Recurrence of Primary Hydrocele 1 Month after Hydrocelectomy in a 35-Year-Old Patient : Hellenic Urology

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Case Report

Recurrence of Primary Hydrocele 1 Month after Hydrocelectomy in a 35-Year-Old Patient

Spinos, Theodoros; Thanos, Anastasios; Kyriazis, Iason

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Hellenic Urology 33(3):p 88-90, Jul–Sep 2021. | DOI: 10.4103/HUAJ.HUAJ_33_21
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A hydrocele is a painless enlargement of the scrotum resulting from an irregular accumulation of serous fluid between the parietal and the visceral layers of the tunica vaginalis which surrounds the testis. It is estimated to affect 1% of all adult men and can be divided into primary (or idiopathic) and secondary hydrocele.[12] The etiology of primary hydrocele is considered to be an imbalance between secretion of fluid inside the tunica vaginalis of the testis and its absorption through lymphatic channels secondary hydrocele can result from trauma, infection, or even neoplasms (e.g. rhabdomyosarcoma, mesothelioma, adenocarcinoma, and neuroblastoma). The vast majority of hydroceles are primary and a particular etiology can rarely be identified.[23] Although most hydroceles are of little clinical significance requiring conservative management, some cases of large hydroceles can cause esthetic problems or even become symptomatic causing awkwardness or pain during walking and will require treatment.[456] Transillumination of scrotum during the clinical examination can facilitate differential diagnosis of hydrocele from other causes of scrotal swelling. Nevertheless, the gold standard diagnostic modality is the scrotal ultrasound setting the diagnosis in the vast majority of cases. To treat hydrocele various modalities are used, the gold standard of which being open hydrocelectomy. Less invasive alternatives such as aspiration and/or sclerotherapy have also been proposed. The less invasive nature of these modalities, resulting in less complications and morbidity has attracted renewed interest.[7] Finally, hydroceles can sometimes be recurrent. Rarely, in these cases, underlying pathological conditions such as hypoproteinemia, filarial infection, or pelvic cavity malignancy are found during investigation. A concurrent inguinal hernia should also be excluded from the study.[3] In this paper, a case of hydrocele recurrence immediately after open hydrocelectomy will be described.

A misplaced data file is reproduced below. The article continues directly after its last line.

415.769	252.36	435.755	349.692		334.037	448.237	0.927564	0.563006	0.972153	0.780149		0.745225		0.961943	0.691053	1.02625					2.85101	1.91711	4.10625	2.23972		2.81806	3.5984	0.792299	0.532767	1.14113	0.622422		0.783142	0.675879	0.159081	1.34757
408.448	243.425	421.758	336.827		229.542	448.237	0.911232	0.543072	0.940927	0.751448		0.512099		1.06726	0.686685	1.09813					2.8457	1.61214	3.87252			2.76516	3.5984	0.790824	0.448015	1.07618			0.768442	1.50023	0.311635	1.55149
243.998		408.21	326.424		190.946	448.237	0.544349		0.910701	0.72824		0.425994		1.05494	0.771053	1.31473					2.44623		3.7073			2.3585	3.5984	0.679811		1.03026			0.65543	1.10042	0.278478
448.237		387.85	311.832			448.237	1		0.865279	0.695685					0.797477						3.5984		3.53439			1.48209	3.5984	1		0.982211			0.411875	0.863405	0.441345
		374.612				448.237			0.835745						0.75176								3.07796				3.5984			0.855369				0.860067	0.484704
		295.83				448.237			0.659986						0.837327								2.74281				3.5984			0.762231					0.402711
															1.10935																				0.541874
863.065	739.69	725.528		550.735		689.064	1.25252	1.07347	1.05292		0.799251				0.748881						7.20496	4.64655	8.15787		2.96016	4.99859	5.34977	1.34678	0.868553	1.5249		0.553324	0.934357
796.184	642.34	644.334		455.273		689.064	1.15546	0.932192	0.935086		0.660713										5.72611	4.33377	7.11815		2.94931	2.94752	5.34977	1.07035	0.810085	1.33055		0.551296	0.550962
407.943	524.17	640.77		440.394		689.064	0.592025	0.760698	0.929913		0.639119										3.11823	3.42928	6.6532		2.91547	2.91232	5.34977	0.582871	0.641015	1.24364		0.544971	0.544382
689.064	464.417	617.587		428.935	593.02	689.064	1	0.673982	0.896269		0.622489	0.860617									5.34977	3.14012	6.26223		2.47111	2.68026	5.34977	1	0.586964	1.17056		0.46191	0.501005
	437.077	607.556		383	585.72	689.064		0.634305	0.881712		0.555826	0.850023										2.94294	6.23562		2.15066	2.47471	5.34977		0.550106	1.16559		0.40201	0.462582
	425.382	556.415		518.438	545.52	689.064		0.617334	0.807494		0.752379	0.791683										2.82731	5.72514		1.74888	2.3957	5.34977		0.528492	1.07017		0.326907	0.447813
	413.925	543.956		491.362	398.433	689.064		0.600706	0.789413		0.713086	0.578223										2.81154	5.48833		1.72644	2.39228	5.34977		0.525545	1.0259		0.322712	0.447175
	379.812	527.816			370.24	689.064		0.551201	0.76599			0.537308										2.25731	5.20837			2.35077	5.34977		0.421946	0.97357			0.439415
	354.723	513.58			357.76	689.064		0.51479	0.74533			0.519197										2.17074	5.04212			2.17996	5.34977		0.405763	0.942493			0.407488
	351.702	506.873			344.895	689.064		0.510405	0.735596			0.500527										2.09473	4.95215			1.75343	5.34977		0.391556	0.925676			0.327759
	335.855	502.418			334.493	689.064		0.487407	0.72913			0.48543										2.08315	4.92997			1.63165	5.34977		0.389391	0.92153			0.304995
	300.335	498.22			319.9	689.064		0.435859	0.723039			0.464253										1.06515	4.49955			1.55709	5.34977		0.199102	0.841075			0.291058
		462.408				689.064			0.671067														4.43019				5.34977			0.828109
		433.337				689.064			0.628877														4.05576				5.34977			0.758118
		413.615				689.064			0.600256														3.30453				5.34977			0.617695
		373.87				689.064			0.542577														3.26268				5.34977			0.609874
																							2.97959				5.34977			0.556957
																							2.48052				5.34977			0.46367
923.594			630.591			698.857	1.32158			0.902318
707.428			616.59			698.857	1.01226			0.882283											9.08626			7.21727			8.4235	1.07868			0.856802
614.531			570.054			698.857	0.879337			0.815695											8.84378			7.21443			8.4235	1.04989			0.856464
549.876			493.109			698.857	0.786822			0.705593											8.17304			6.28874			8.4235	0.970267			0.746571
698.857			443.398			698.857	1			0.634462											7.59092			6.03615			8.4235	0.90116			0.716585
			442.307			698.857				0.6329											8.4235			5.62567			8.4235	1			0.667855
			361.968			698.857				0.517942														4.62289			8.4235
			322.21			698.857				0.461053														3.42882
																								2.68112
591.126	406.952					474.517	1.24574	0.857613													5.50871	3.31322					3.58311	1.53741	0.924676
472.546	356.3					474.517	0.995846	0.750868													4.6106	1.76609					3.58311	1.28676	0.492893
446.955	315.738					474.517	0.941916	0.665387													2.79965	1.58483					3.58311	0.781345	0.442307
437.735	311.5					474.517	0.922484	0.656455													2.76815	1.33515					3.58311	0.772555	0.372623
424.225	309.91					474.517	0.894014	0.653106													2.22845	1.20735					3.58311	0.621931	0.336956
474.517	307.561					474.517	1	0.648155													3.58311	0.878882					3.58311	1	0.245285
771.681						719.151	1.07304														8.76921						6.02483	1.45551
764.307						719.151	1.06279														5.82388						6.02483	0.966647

Case Report